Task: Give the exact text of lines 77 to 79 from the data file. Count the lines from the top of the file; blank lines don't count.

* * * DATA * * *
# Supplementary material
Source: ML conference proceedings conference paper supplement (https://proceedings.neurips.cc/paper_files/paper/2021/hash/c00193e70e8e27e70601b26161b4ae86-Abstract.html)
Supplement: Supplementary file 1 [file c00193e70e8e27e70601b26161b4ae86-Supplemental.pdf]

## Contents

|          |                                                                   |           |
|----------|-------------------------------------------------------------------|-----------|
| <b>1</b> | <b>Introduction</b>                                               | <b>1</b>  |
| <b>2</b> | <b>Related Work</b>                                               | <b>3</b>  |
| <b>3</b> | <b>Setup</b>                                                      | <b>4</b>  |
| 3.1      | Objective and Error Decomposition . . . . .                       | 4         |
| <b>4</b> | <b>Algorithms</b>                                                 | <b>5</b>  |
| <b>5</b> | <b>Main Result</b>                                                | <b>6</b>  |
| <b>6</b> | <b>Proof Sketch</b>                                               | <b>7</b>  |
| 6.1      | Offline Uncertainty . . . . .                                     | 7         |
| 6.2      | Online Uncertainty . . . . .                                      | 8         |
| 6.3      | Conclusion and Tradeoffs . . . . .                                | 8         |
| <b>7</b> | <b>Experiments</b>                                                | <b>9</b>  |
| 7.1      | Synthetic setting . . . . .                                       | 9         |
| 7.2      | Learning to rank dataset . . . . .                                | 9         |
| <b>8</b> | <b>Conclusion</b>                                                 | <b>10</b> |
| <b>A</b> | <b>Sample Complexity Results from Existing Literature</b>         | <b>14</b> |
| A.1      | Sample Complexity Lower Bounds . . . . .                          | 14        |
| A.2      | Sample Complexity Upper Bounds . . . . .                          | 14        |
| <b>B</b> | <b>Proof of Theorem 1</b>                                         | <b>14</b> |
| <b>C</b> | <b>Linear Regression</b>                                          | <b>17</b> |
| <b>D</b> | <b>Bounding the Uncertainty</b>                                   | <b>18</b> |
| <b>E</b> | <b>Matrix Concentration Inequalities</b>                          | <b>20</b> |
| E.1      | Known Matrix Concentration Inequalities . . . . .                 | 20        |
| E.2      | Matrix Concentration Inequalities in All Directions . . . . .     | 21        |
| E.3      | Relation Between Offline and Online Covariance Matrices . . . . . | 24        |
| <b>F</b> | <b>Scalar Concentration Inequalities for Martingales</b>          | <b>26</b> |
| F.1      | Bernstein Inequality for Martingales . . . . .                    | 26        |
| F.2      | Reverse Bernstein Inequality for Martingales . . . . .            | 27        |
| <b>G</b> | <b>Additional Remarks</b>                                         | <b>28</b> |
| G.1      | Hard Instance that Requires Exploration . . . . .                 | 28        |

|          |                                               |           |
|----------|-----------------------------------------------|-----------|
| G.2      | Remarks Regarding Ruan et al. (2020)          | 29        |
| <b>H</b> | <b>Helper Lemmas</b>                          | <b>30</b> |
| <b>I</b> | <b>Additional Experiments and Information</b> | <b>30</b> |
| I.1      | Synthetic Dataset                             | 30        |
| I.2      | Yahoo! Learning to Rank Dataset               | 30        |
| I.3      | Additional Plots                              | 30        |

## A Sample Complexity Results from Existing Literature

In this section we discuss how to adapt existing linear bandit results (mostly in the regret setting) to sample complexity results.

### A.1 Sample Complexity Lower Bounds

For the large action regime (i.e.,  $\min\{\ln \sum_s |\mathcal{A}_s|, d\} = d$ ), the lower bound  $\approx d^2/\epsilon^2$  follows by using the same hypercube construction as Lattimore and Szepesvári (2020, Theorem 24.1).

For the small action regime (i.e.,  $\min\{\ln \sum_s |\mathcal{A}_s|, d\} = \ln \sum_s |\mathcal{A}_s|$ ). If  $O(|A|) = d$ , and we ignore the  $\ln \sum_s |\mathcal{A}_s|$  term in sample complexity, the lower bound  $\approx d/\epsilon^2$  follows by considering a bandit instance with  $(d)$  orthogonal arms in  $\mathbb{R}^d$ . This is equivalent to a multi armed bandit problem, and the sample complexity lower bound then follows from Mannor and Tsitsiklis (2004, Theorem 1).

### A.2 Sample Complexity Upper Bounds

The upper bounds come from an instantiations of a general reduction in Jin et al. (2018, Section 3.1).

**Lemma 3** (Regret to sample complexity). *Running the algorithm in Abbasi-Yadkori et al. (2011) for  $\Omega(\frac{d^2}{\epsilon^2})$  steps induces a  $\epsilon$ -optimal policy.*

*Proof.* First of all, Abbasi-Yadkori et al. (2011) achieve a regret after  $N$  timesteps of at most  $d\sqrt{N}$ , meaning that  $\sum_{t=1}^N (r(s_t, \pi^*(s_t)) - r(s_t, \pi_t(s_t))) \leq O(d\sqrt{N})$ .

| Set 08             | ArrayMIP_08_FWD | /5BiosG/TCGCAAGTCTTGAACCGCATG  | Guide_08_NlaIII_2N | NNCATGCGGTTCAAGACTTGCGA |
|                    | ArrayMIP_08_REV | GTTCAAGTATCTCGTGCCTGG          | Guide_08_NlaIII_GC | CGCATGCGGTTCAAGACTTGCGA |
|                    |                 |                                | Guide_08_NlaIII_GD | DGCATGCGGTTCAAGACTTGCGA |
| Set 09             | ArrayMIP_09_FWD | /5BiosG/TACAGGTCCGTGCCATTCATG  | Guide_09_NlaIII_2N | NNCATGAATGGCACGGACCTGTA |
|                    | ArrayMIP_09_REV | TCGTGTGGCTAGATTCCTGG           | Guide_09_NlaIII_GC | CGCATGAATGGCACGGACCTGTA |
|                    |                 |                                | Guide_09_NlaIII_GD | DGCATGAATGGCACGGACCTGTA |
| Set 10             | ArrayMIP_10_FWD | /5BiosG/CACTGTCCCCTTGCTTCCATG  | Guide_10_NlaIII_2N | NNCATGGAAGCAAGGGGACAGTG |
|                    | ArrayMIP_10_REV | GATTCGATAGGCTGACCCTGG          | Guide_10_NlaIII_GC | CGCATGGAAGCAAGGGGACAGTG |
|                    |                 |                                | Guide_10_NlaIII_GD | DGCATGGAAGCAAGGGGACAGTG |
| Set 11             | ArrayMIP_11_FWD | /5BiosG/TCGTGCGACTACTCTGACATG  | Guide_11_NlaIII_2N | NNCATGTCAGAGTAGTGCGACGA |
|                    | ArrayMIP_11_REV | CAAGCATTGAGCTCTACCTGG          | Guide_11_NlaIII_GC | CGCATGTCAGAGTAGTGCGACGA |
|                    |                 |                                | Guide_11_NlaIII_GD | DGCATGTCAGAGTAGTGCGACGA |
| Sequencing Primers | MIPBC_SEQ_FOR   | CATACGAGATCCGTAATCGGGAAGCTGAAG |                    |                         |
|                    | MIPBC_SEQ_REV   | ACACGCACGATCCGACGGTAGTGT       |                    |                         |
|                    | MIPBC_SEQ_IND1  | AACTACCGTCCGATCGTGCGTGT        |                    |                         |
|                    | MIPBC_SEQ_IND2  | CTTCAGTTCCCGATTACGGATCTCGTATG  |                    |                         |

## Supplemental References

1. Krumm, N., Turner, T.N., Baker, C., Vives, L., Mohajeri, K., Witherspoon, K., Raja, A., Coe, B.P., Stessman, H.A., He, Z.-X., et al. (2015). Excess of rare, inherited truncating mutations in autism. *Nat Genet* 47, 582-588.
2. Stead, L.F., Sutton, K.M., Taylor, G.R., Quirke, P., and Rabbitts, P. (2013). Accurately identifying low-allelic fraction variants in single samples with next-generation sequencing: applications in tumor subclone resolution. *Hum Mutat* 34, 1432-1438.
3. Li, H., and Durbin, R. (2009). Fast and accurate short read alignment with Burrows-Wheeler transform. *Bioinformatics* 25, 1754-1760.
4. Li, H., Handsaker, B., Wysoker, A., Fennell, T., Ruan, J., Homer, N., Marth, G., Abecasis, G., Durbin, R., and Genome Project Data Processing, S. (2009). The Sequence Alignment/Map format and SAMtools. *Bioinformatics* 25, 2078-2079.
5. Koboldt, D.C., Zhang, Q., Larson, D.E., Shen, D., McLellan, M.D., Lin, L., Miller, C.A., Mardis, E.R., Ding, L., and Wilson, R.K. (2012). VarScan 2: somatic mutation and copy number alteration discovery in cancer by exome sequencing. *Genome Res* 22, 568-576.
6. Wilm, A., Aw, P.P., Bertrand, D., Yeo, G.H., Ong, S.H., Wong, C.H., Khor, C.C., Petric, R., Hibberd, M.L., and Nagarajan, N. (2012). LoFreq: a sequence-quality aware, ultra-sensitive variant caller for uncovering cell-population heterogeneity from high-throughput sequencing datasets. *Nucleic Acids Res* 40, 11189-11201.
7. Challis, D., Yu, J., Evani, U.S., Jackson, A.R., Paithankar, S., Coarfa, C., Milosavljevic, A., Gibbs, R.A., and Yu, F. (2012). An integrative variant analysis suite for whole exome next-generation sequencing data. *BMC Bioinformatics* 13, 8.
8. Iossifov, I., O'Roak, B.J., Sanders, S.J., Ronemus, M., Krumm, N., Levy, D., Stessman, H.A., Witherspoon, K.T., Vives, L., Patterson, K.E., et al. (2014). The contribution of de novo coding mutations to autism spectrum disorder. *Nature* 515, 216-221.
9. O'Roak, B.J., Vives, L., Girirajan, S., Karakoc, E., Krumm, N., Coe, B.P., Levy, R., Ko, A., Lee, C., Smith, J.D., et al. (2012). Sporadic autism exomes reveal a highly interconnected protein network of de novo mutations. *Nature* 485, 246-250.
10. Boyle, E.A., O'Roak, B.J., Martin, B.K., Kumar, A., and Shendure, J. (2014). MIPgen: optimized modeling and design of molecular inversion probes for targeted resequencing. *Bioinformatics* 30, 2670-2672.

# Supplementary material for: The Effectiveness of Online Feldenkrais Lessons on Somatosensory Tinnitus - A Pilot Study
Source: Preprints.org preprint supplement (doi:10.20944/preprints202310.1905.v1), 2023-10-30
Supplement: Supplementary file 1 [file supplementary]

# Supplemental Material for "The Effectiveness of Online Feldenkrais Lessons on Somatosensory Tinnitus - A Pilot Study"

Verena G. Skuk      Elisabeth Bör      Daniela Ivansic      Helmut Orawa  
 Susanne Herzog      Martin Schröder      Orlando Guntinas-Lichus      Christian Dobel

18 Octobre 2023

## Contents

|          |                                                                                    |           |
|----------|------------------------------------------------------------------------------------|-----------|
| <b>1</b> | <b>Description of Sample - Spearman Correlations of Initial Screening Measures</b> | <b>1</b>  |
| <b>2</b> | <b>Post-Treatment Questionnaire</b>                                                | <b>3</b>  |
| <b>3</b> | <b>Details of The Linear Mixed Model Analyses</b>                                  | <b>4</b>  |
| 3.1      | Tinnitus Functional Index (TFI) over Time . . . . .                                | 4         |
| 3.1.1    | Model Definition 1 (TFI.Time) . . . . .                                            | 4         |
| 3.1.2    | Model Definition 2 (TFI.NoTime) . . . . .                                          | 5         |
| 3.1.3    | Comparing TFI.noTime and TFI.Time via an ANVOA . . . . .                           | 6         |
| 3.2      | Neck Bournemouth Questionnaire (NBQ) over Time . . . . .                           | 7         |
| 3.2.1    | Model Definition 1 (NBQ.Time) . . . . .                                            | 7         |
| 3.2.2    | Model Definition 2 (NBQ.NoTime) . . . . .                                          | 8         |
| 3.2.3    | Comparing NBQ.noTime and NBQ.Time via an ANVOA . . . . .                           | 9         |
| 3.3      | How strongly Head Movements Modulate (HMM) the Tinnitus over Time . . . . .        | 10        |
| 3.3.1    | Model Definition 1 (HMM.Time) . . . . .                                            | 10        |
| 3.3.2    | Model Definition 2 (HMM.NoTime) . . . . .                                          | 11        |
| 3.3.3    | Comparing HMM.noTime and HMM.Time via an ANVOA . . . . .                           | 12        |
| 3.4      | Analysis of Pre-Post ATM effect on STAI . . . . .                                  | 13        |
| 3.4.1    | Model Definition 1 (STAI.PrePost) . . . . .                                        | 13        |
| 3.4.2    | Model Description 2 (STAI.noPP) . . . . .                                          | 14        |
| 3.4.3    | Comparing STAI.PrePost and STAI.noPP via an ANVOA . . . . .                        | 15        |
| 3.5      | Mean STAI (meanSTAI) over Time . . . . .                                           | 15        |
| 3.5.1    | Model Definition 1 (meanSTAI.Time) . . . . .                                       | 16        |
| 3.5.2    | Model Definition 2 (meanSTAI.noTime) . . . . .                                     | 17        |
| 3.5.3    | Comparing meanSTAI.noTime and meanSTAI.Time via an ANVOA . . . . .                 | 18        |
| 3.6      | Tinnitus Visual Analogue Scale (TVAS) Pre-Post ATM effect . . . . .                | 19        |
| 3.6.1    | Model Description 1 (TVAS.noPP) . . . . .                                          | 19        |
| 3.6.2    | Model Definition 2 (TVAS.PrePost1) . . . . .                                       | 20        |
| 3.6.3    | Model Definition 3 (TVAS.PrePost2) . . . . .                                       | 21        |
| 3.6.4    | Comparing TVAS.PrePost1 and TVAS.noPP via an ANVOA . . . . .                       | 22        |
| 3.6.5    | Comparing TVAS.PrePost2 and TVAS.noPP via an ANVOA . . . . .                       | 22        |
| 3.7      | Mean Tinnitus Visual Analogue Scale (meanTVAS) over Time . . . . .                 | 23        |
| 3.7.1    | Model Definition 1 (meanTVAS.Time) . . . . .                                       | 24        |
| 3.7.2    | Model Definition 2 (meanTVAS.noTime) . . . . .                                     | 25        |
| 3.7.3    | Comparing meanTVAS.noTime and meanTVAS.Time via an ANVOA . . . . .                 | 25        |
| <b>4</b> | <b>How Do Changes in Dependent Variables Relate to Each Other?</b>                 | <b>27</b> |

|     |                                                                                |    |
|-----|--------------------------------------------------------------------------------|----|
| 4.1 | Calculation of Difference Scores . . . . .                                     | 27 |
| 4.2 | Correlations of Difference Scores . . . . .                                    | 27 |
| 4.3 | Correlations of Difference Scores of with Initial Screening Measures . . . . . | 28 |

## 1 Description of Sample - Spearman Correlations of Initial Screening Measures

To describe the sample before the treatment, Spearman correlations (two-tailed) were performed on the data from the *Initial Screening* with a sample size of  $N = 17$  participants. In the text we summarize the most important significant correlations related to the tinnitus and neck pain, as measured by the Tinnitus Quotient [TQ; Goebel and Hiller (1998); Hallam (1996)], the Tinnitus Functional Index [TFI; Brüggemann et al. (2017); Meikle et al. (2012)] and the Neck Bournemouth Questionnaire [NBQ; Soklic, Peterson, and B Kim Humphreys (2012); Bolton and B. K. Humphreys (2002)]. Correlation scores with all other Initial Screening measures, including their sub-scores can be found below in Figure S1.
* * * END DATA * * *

8. Iossifov, I., O'Roak, B.J., Sanders, S.J., Ronemus, M., Krumm, N., Levy, D., Stessman, H.A., Witherspoon, K.T., Vives, L., Patterson, K.E., et al. (2014). The contribution of de novo coding mutations to autism spectrum disorder. *Nature* 515, 216-221.
9. O'Roak, B.J., Vives, L., Girirajan, S., Karakoc, E., Krumm, N., Coe, B.P., Levy, R., Ko, A., Lee, C., Smith, J.D., et al. (2012). Sporadic autism exomes reveal a highly interconnected protein network of de novo mutations. *Nature* 485, 246-250.
10. Boyle, E.A., O'Roak, B.J., Martin, B.K., Kumar, A., and Shendure, J. (2014). MIPgen: optimized modeling and design of molecular inversion probes for targeted resequencing. *Bioinformatics* 30, 2670-2672.